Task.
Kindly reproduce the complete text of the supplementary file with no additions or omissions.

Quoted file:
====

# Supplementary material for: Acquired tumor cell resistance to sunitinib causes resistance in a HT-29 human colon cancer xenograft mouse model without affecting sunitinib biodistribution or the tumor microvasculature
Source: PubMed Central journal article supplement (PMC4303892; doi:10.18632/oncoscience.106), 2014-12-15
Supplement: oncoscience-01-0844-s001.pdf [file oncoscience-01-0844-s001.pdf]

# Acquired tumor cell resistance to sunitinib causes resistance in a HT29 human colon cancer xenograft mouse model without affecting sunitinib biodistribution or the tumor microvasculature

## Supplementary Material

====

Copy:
# Supplementary material for: Acquired tumor cell resistance to sunitinib causes resistance in a HT-29 human colon cancer xenograft mouse model without affecting sunitinib biodistribution or the tumor microvasculature
Source: PubMed Central journal article supplement (PMC4303892; doi:10.18632/oncoscience.106), 2014-12-15
Supplement: oncoscience-01-0844-s001.pdf [file oncoscience-01-0844-s001.pdf]

# Acquired tumor cell resistance to sunitinib causes resistance in a HT29 human colon cancer xenograft mouse model without affecting sunitinib biodistribution or the tumor microvasculature

## Supplementary Material